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Hard targets
  1. Mike Daube
  1. Cancer Foundation of Western Australia
  1. Mike Daube, Chief Executive Officer, Cancer Foundation of Western Australia, 46 Ventnor Avenue, West Perth, WA, Australia 6005mdaube{at}

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During the 1980s and early 90s Western Australia's relatively well funded, innovative, and aggressive media campaigns attracted international recognition and contributed to a welcome reduction in smoking prevalence.1

During the 1990s funding for media declined; cautious governments ensured less forceful advertising; comprehensive legislation (including an ad ban) may in truth have led us into some temporary complacency; and the decline in smoking stalled, with adult prevalence remaining at around 25%.1

The Cancer Foundation of Western Australia decided that it was not enough simply to press for governments to spend money. So in early 2000 we established our own “Target 15” tobacco campaign. Why “Target 15”? Because our aim is to reduce adult prevalence to 15% or less by 2010.

Our tobacco programme will shortly receive 10% of Cancer Foundation annual expenditure. This means raising more funds so that other aspects of our work will not suffer. But how can a cancer organisation retain credibility without spending substantial amounts on tobacco control? And the more we spend, the more credible we are in pressing for governments to do the same.

We approached the state government for matching funds, with the caveat that this must not take money away from their own tobacco programme. To their credit, they agreed to provide us with funds—and without any constraints.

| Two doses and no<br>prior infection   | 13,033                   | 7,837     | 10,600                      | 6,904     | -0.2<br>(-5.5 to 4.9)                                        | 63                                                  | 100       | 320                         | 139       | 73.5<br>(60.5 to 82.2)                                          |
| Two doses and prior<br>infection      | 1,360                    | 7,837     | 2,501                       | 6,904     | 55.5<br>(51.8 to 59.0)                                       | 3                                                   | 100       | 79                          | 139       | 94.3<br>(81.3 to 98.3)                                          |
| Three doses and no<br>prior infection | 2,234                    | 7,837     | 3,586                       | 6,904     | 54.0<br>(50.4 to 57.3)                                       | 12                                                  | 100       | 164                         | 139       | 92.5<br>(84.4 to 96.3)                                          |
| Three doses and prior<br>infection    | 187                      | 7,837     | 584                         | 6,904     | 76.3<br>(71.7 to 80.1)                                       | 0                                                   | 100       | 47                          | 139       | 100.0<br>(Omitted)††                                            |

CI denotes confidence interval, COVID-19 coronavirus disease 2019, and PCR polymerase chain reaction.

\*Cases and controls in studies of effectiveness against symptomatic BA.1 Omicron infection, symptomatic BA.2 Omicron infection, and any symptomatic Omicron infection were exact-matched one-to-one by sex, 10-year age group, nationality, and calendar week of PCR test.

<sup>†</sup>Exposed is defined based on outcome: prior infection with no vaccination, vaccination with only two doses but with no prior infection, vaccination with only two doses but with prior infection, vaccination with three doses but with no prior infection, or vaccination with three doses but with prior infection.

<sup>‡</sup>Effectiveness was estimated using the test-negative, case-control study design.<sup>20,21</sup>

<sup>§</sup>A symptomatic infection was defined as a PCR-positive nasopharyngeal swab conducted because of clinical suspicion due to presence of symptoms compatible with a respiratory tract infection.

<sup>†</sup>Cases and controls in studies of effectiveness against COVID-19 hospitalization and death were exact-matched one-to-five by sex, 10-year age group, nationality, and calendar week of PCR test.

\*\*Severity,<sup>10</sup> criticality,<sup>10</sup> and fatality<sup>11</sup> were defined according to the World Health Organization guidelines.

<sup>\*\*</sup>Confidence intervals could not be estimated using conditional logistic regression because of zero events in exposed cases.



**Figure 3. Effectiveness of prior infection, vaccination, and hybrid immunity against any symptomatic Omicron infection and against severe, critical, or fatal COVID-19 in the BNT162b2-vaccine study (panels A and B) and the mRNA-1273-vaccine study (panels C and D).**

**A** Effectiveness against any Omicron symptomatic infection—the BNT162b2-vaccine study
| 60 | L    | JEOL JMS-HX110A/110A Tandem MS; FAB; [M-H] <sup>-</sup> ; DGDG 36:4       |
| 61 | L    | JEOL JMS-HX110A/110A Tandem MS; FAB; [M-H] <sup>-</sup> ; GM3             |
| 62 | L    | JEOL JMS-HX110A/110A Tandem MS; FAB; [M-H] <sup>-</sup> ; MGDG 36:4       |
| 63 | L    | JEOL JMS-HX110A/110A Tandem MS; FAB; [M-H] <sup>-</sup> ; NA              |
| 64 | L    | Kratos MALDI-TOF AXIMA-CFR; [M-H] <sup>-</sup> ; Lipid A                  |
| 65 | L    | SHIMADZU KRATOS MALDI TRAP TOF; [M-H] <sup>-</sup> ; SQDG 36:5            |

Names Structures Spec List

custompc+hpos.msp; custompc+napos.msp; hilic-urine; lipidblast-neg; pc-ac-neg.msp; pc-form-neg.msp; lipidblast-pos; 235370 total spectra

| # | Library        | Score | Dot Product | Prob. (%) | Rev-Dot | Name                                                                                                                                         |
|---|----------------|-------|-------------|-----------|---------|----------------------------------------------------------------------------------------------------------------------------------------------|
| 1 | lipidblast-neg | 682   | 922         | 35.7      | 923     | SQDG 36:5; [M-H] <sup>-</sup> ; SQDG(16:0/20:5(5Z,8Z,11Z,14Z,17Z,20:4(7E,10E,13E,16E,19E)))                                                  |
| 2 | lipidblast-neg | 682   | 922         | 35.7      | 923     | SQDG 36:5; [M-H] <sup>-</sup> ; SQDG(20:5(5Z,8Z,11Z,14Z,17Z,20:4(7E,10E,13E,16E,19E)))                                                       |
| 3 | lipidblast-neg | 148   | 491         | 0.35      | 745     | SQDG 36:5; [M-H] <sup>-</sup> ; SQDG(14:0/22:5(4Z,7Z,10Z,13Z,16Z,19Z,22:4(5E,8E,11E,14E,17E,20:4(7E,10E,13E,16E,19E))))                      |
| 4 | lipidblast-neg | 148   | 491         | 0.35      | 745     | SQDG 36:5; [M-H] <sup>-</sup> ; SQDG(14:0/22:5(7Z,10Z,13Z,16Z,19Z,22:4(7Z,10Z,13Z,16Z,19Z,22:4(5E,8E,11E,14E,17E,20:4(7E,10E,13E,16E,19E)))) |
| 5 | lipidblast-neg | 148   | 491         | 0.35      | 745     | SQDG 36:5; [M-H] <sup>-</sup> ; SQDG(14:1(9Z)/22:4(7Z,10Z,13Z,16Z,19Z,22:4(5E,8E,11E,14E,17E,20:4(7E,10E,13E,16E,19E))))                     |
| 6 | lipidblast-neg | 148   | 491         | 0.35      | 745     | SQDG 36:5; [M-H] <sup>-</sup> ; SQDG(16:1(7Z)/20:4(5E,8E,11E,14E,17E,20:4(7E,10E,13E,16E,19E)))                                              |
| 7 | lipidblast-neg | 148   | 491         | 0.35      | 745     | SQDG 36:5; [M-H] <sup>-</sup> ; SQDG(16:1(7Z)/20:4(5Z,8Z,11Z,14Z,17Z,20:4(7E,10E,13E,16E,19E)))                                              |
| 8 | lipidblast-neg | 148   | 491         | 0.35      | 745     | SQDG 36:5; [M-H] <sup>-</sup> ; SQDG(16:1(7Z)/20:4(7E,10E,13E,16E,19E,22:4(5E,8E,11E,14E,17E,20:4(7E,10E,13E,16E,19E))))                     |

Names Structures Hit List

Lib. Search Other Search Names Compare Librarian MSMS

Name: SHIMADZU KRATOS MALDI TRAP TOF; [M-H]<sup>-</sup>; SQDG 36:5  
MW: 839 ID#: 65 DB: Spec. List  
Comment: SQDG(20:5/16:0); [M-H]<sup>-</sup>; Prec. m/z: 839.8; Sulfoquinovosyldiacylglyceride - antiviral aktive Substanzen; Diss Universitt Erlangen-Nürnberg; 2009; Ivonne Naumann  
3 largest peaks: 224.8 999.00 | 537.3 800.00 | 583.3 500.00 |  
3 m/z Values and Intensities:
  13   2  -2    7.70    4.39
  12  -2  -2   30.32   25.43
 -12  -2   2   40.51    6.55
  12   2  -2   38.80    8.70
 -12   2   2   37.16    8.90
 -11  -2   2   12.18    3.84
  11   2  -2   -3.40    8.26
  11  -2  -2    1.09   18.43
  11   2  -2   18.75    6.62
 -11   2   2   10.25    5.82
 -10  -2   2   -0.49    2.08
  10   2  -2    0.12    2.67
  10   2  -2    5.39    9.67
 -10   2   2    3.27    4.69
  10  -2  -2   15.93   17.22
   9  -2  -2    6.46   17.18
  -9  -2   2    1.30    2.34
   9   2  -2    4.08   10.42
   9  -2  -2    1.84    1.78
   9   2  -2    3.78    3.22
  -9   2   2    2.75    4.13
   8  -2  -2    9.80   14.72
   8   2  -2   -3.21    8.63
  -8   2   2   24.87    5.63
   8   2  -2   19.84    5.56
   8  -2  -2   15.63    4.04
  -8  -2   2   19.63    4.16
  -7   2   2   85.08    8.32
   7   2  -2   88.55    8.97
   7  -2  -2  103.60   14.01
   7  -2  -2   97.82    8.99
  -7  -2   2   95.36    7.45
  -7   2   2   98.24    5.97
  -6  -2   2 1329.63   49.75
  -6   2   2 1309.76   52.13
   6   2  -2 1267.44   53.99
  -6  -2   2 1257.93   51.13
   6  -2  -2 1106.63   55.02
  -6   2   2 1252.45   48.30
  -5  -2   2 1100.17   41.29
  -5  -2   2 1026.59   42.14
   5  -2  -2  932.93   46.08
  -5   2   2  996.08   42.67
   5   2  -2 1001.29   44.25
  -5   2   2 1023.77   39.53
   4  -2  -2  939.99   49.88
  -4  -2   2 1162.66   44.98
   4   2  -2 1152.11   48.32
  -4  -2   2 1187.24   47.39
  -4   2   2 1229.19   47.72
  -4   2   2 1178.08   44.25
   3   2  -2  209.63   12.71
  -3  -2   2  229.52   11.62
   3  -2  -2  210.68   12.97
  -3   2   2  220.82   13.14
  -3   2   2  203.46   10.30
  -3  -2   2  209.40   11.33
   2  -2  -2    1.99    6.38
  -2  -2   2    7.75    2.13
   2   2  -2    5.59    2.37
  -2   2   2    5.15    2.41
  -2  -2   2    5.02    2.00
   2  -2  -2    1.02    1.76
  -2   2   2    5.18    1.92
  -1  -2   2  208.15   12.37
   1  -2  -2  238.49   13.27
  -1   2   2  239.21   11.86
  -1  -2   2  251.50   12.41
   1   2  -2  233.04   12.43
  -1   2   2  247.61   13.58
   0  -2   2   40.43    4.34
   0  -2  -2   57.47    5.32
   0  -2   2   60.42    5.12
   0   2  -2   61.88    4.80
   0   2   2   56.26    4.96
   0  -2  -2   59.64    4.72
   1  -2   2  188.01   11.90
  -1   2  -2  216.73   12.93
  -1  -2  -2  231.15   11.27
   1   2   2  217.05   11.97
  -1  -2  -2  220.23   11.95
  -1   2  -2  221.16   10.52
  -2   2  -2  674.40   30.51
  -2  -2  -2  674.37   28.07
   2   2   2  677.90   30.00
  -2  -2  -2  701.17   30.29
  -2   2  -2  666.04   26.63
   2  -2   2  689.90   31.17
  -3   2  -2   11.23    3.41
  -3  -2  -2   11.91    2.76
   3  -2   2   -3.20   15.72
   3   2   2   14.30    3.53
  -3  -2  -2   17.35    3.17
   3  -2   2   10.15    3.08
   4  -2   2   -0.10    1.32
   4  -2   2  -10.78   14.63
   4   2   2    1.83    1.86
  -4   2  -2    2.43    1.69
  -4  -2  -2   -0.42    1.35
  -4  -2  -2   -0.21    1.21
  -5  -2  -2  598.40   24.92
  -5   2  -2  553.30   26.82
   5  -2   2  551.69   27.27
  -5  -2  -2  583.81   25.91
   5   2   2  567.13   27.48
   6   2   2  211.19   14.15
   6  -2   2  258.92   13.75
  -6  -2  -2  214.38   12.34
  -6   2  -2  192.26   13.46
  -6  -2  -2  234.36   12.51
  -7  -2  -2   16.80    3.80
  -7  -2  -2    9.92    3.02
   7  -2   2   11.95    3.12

Target 15 has focused mainly on TV and radio. We believed that it was time for a return to hard hitting TV ads, and our first media campaign both evaluated superbly and has just won our advertising industry's “Advertisement of the year” award.

But we also wanted to ensure a focus through the press on the magnitude of the problem and the continuing nastiness of the Australian tobacco industry. Advertisements of this kind serve multiple purposes: they affect smokers; they complement our TV and radio campaigns; they have a political impact (important in the light of the industry's lobbying); and the unpaid coverage they attract on all media results in attention worth far more than the cost of an ad.

So we have been running a series of full page ads in the press: all designed to be dramatic, unashamedly opportunistic, and with an advertising agency revelling in the brief (figs 1, 2, 3, and4).

In a country obsessed with illicit drugs, we have shown how tobacco mortality stacks up against heroin. We have used tax increases to encourage quitting. We have explained the background to Target 15. We have run ads to coincide with occasions such as Father's Day (pointing out how many fathers miss out on Father's Day because they smoked (fig1)). We have shown graphically that smoking is the cause of at least 14 different cancers—not only lung cancer (fig 2). And we have taken aim at the tobacco companies as the cause of so much avoidable death and misery. We have drawn attention to their lies, their admissions, and their ruthless efforts to mislead smokers, the broader public, and decision makers alike (fig 3).

Do the ads work? No ad in isolation will solve all the world's problems . . . But they have indeed generated the complementary media coverage for which we had hoped; they have attracted much complimentary comment from smokers and others in the community; and they have emerged exceptionally well from our market research.

And how times have changed. On 30 September 2000, the 50th anniversary of the seminal BMJ paper on smoking and lung cancer by Hill and Doll,2 we ran a full page ad about the way the industry has responded to the evidence, headed “Commemorating 50 years of lies and deceit”. We noted that smoking had claimed 827 000 Australian lives since the initial Hill and Doll paper accused the companies of breaking just about all of the Ten Commandments (with the possible exception of that pesky one about coveting thy neighbour's ox)—and heard not a squeak of complaint from any of the companies or their lawyers. It is of course all true—and the more smokers hear it, the more they will want to quit. We have every intention of helping them, and of having some fun along the way.